22

I turned 22 last Tuesday, nothing special. I didn’t even tell anyone at work. I don’t know, for me it’s just a regular day. I did try to be excited about it but nothing.

It’s my 5th month on the job, I’m tolerating it, I guess. I still think nursing is not my thing. The whole soothe your patients, take care of them gig, not really my forte. 

Patients die on my shift and I ceased feeling  anything, just blank apathy, and relief because it’s one less patient to mind. Maybe because it’s a really common thing  our ward that I got used to it. I don’t know. 

I just don’t feel anything right now. So much for 22  

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Choices

I am a registered nurse, and I don’t want to work in a clinical setting. 

I know that confession may sound odd since nurses and clinical setups always go together, or at least the concept of a nurse working outside that setting is foreign to almost everyone.  Well, probably the BPO industry is an exception to this concept,  since nurses who can’t work in the hospital almost always go there.  But nurses can also work in a lot of areas outside the clinical, or patient care setting.  Like research, health program implementation, and military nursing. 

Even nurses are sometimes unaware of these career paths. Most of them usually go the well accepted path of working in well-known hospitals, who pays next to nothing but works you to the bone, for at least two years. Then they would spend a fortune just to work in another country. Just so they can earn more, and they can also petition their families to go there. 

Given that paradigm, I am expected to work in a clinical setting, because not doing so means wasting my four years of nursing education. But the thing is, I do not want to.  I never really wanted to be a nurse in the first place, then there is also the trauma from my father’s hospitalization. Not that he was treated badly, it’s just that watching someone die in a slow painful manner is really traumatic. And having that experience in my first year of nursing school is awful because as I progressed with my education, I learned more about my father’s disease and how it can be managed,  but it was too late because I can’t use that knowledge to save my father. I felt guilty for being useless. My psychology professor told me it’s not my fault,  but guilt creeps in from time to time and it’s hard to stop.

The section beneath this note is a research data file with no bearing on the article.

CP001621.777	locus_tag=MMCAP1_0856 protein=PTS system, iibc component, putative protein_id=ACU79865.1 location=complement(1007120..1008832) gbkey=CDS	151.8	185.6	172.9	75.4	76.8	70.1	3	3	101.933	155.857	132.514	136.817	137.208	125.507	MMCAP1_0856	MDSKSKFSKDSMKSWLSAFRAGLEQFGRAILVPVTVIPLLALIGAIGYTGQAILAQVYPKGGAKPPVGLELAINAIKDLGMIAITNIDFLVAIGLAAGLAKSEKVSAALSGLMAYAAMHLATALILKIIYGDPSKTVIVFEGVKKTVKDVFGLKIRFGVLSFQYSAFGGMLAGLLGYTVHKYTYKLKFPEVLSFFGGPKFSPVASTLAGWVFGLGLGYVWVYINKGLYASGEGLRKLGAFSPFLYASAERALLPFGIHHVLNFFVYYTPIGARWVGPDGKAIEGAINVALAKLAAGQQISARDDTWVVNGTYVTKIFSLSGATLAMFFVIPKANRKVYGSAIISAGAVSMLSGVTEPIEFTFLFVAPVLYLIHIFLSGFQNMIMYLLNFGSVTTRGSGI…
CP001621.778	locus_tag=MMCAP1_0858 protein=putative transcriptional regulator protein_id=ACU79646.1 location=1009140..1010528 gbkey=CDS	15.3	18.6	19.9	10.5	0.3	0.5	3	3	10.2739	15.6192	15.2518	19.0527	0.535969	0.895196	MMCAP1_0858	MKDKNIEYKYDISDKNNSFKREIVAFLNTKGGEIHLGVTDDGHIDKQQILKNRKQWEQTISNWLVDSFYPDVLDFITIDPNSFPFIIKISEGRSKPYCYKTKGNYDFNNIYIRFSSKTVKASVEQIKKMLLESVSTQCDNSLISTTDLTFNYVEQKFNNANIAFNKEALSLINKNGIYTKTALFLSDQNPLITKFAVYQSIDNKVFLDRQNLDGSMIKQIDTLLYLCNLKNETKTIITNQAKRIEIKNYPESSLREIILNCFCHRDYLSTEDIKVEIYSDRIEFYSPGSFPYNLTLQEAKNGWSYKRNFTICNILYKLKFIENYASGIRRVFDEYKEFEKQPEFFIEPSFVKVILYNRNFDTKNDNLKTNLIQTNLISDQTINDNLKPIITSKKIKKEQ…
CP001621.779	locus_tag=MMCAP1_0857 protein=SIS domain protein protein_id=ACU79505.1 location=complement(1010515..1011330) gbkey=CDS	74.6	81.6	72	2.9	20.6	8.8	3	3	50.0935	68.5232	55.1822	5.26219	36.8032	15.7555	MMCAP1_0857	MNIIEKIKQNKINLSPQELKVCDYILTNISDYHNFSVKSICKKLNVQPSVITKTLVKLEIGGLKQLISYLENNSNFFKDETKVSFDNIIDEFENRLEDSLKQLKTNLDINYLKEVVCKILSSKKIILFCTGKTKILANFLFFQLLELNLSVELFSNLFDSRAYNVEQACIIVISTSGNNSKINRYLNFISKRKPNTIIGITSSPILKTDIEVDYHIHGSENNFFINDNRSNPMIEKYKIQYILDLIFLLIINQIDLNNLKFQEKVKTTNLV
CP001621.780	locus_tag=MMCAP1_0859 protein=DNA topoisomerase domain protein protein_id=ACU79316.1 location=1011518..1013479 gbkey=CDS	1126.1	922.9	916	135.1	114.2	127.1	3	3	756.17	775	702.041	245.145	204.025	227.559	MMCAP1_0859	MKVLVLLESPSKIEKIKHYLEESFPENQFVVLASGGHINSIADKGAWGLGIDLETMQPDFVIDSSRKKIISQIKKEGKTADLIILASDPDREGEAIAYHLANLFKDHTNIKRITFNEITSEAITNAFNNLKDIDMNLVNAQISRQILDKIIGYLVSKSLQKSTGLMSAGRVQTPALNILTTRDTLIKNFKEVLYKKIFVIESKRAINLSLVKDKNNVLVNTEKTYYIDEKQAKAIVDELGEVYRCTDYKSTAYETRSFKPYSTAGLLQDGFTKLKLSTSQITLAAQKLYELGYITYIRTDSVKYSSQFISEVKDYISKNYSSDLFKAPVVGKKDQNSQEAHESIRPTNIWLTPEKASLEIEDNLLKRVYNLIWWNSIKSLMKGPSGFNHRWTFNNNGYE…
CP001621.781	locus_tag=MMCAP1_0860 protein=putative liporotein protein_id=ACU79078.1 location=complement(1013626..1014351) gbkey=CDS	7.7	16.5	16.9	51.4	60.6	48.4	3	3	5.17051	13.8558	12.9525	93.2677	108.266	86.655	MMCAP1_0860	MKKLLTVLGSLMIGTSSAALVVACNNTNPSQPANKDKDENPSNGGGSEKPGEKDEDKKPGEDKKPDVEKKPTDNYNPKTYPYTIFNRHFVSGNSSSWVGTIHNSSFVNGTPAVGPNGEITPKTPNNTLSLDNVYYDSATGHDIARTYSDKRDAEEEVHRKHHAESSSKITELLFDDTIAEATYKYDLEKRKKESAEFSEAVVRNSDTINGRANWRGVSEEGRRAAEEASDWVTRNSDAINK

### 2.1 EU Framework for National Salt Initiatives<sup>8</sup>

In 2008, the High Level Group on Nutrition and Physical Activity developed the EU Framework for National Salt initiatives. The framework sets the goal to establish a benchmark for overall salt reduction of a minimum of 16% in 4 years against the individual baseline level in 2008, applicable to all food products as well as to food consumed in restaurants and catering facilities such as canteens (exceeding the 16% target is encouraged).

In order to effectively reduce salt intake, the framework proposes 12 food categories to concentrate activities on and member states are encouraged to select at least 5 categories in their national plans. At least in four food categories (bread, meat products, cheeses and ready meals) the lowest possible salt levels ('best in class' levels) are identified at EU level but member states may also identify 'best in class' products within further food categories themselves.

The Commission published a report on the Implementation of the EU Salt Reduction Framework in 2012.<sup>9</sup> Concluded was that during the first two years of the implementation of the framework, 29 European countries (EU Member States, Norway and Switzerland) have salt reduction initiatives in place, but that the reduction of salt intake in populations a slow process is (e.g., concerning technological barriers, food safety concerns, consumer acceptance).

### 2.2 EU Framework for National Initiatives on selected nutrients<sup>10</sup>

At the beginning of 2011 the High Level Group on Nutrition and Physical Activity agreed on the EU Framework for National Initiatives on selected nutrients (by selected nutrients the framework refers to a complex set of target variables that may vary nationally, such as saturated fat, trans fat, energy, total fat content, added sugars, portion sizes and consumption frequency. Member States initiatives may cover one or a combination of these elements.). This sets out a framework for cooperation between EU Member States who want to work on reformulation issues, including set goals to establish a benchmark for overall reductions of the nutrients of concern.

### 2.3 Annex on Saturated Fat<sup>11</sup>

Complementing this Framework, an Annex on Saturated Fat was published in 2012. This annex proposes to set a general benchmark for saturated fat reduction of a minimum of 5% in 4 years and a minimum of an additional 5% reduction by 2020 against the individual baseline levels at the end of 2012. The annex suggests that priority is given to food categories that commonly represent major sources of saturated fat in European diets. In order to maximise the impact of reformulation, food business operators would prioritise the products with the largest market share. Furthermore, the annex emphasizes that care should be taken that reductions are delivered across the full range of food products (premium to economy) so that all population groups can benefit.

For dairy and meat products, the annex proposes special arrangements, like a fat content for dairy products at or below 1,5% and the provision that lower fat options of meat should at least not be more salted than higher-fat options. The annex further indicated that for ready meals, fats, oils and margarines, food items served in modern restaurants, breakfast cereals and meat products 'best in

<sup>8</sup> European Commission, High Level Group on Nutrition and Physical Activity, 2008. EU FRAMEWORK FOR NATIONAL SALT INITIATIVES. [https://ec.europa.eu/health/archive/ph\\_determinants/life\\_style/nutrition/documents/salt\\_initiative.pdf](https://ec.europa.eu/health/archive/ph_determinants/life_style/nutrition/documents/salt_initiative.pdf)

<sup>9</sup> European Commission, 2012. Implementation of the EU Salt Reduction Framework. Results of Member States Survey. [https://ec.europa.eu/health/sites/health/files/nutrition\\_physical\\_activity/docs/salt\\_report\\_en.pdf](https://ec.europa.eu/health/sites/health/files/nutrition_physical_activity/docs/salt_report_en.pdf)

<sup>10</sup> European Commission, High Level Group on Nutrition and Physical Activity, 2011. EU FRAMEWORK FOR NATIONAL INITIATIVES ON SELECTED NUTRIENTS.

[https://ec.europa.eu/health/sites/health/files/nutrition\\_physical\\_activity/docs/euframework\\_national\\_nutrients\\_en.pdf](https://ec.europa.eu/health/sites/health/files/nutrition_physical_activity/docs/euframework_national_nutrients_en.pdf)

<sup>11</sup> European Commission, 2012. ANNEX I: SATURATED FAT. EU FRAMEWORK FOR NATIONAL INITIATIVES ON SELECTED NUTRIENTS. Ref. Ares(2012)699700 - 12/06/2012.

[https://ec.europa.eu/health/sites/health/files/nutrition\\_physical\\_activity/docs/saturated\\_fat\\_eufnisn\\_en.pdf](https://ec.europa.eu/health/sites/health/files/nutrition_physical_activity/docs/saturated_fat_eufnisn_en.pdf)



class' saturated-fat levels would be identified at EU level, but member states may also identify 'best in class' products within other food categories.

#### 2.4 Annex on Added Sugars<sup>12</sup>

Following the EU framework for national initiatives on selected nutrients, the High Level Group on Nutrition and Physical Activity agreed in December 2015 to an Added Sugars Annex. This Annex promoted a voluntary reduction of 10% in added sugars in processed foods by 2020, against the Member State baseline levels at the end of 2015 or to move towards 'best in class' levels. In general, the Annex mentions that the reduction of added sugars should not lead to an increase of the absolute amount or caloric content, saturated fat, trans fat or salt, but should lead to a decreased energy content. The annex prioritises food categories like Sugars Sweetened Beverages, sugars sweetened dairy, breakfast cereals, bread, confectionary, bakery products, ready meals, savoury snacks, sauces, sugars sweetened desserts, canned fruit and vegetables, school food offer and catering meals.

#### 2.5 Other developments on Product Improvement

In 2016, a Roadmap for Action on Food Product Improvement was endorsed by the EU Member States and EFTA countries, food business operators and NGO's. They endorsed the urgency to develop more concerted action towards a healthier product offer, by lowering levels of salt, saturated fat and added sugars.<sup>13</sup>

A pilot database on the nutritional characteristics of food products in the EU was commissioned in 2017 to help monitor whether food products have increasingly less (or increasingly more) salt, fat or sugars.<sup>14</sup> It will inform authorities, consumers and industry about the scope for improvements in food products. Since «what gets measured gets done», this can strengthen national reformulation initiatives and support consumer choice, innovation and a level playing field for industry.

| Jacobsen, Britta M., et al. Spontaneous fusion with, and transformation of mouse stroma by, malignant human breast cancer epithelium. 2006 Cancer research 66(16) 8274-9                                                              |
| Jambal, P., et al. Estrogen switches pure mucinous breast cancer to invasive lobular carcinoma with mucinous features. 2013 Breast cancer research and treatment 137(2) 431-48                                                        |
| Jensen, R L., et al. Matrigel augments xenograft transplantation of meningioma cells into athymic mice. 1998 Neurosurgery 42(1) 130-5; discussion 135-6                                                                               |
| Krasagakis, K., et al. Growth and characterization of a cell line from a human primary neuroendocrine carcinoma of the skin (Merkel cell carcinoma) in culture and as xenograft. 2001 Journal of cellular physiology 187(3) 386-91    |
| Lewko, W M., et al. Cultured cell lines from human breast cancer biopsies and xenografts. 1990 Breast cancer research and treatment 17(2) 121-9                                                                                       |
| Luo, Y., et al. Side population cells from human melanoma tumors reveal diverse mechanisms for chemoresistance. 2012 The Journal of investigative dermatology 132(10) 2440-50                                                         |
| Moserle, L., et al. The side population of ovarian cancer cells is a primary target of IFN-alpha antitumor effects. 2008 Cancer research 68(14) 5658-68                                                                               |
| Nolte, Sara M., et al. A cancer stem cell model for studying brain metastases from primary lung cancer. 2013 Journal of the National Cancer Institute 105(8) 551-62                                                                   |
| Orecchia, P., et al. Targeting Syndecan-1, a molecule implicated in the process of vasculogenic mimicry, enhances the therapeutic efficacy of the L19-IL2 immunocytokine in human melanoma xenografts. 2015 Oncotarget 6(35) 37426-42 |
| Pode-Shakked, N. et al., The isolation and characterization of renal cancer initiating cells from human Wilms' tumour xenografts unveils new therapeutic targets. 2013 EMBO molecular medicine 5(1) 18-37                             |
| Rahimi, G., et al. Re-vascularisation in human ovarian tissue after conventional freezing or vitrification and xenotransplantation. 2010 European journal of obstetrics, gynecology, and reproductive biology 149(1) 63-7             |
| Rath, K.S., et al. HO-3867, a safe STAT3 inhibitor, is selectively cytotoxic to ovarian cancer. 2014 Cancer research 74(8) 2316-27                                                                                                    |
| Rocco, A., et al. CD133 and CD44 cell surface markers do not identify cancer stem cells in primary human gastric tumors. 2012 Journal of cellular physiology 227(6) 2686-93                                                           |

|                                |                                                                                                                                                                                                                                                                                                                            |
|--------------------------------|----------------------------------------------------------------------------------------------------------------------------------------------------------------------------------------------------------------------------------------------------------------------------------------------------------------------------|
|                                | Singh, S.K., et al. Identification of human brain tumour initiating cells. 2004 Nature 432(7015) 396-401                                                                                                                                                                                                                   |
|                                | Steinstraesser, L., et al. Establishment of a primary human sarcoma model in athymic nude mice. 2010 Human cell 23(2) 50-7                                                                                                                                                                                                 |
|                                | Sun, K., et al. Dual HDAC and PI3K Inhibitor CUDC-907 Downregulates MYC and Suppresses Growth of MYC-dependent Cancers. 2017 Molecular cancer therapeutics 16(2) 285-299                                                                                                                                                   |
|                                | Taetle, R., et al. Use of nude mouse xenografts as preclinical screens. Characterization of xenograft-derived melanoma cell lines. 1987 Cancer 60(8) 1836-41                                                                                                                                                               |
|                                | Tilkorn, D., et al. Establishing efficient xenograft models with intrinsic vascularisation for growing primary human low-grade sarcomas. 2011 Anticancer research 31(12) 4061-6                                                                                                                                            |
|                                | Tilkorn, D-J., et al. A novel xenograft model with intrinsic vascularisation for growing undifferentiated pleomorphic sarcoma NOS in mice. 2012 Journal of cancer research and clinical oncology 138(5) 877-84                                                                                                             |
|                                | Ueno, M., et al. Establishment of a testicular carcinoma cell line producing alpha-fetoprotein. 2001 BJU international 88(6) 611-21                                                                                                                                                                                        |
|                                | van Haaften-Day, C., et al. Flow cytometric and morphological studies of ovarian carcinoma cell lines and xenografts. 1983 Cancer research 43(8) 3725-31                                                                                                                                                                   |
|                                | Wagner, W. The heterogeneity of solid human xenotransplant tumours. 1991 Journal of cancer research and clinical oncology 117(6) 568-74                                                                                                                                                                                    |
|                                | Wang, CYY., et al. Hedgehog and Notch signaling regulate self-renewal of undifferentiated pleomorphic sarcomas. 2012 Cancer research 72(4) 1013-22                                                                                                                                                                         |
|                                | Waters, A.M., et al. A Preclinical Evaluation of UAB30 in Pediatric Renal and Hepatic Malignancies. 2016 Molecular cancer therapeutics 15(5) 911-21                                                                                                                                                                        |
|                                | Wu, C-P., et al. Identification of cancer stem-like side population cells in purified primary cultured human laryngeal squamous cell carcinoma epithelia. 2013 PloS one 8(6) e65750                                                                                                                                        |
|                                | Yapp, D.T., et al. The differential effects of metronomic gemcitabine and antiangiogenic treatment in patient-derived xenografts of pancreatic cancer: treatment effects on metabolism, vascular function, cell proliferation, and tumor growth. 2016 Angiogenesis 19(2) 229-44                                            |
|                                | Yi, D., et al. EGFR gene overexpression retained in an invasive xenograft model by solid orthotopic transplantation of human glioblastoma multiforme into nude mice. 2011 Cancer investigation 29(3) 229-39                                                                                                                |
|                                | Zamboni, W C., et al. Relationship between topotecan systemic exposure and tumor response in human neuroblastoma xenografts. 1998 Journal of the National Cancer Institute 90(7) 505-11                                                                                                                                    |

I also don’t like working in the clinical setting because it depresses me. I hate seeing the patients suffer. Of course it makes me happy that I can help alleviate their sufferings, but there are just times when I know all my efforts are just for naught and it is really sad. There are also times when I cannot tolerate some situations. Like when we were rotated in the dialysis unit, I broke down. I know I should be in control of my emotions, and I should have dealt with the trauma years before that but… I had flashbacks and I almost didn’t function. There was also the time when my patient was dying, nobody told me he was,  I just knew. His BP was fluctuating, he was in a coma,  and his pupils are unequal; increased intra cranial pressure, I think.  I think I cried for at least 10 minutes.

I know nurses really go through those kind of things, dying patients, that is.  And I know that nursing school did not prepare us for those kinds of events. Actually no nursing book can prepare us for that.  I know nurses can get acclimated to that but I am not sure if I can, or if I can I don’t know how long.

So now, I applied for an office job, I want to take it but, my godmother recommended me in this good tertiary hospital and it’s kind of hard to refuse because it’s a favor. And I am confused.
Maybe the interviewer was right, people my age are still confused.  The young is perpetually restless.

Third

Job hunting was hell.

Especially if you’re in a third world country where the profession is considered as a commodity for export. Competition is hard; you need a good ranking, a good education, and the right connections (which she thankfully all have). But before you have an actual job at your chosen institution, you would need to go on training for certain skills and other licenses, which means money, in addition to that you would need to pay the hospital, who would (hopefully) employ you, to train you at their institution.